Salvadoran authorities commit ‘massive’ human rights violations, with nearly 2% of the country detained, Amnesty says

The report, released on Thursday, found that since the end of March almost 2% of the country has been detained, with at least 18 people dying in custody.

On March 27, the country was placed under a state of emergency to deal with an upsurge in homicides, led by the Barrio 18 and MS-13 gangs. The country’s Legislative Assembly passed the measure at the request of President Nayib Bukele after an upsurge in violence left 62 people dead in a single day. It has been extended twice.

More than 36,000 people have been detained since, according to a statement released Tuesday by the Salvadoran government.

Salvadoran authorities “commit widespread and gross human rights violations and criminalize people living in poverty”, under the “pretext of punishing gangs”, said Erika Guevara-Rosas, Americas director at Amnesty International.

“Instead of offering an effective response to the dramatic violence caused by gangs and the historic public safety challenges facing the country, they are subjecting the Salvadoran people to tragedy,” she added.

In what appeared to be a preemptive response to the report, which was distributed to embargoed media on Wednesday evening, Bukele said “those organizations should also be concerned about gang victims.”

“Let’s hope that just as they care that we captured criminals, they would care about our children, our elderly, our workers, the innocent Salvadorans who suffered at the hands of those same criminals,” he said. he said during a speech. before the Legislative Assembly.

According to Amnesty, at least 1,190 children have been arrested and detained in youth centers, many of them accused of belonging to an illegal group of terrorist organizations.

In one case, two cousins, aged 14 and 15, were arrested in April while playing outside their home just outside San Salvador. Their families told Amnesty that police accused them of “looking like criminals” and told their mothers they would spend 30 years behind bars, according to the report. The mothers have since been unable to communicate with their children and are unclear about the trial they will face – with a public defender handling the case “barely” pleading on behalf of their clients, Amnesty reported.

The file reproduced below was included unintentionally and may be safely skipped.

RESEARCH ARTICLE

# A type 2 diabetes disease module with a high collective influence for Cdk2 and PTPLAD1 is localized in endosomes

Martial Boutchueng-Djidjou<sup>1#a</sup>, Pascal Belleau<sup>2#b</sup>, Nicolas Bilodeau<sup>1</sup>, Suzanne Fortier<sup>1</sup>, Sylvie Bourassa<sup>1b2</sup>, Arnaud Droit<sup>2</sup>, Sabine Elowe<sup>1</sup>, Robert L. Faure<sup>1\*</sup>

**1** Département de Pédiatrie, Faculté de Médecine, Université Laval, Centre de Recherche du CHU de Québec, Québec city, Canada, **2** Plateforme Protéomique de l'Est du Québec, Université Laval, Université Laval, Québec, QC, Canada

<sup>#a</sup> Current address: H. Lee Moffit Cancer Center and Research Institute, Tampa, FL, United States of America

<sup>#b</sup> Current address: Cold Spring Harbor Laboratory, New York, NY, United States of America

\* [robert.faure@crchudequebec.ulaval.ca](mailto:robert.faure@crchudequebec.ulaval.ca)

A demonstrator demonstrates against the policies of Salvadoran President Nayib Bukele in San Salvador on June 1.

The state of emergency suspends constitutional guarantees, including freedom of association, and an alleged offender’s right to a state-sponsored legal defense in court. It also extends pre-trial detention from 72 hours to 15 days and allows authorities to intervene in telecommunications without needing authorization from a judge.

Detainees face difficult circumstances, according to Amnesty, which has documented cases of torture and ill-treatment in detention centers.

Amnesty detailed instances of such alleged abuse in its report.

In one case, a 16-year-old, who was arrested in April and held for 13 days for being an alleged member of an illegal group, was chained to a wall in the detention center, where he said he was beaten by the police. He was later transferred to a juvenile detention center, where he was beaten by gang members, who he said also threw a bag of urine at his head, he added. .

Many detainees are held without due process “purely because the authorities consider them to have been identified as criminals in President Bukele’s government’s stigmatizing speeches, because they have tattoos, are accused by a third party of having suspected gang ties, are related to someone who belongs to a gang, who have a criminal record of some kind or simply because they live in a gang-controlled area, which are precisely the areas with a high level of marginalization and that have historically been abandoned by states,” according to Amnesty.

Salvadoran President Nayib Bukele speaks to the Salvadoran Armed Forces in San Salvador last July.

El Salvador has a long history of organized crime groups battling security forces and each other to control territory and drug routes across Central America. The small Central American country – roughly the size of Massachusetts – led the world in the number of homicides related to the size of its population for several consecutive years in the 2010s.

Bukele, the self-proclaimed “world’s coolest dictator”, took office in June 2019 with broad support, after promising to stand firm against gang violence, which has ravaged El Salvador for decades.

In February 2020, Bukele sent armed troops to Congress as he demanded lawmakers approve his plan to secure a $109 million loan to combat gang violence. In June, he withdrew El Salvador from a US-backed anti-corruption deal.

And last September, El Salvador’s highest court ruled that the president could serve two consecutive terms, paving the way for Bukele’s re-election in 2024.

Bukele’s hard line remains popular with voters, however, who have hailed an overall decrease in violence during his presidency.

CNN’s Stefano Pozzebon contributed to this report.


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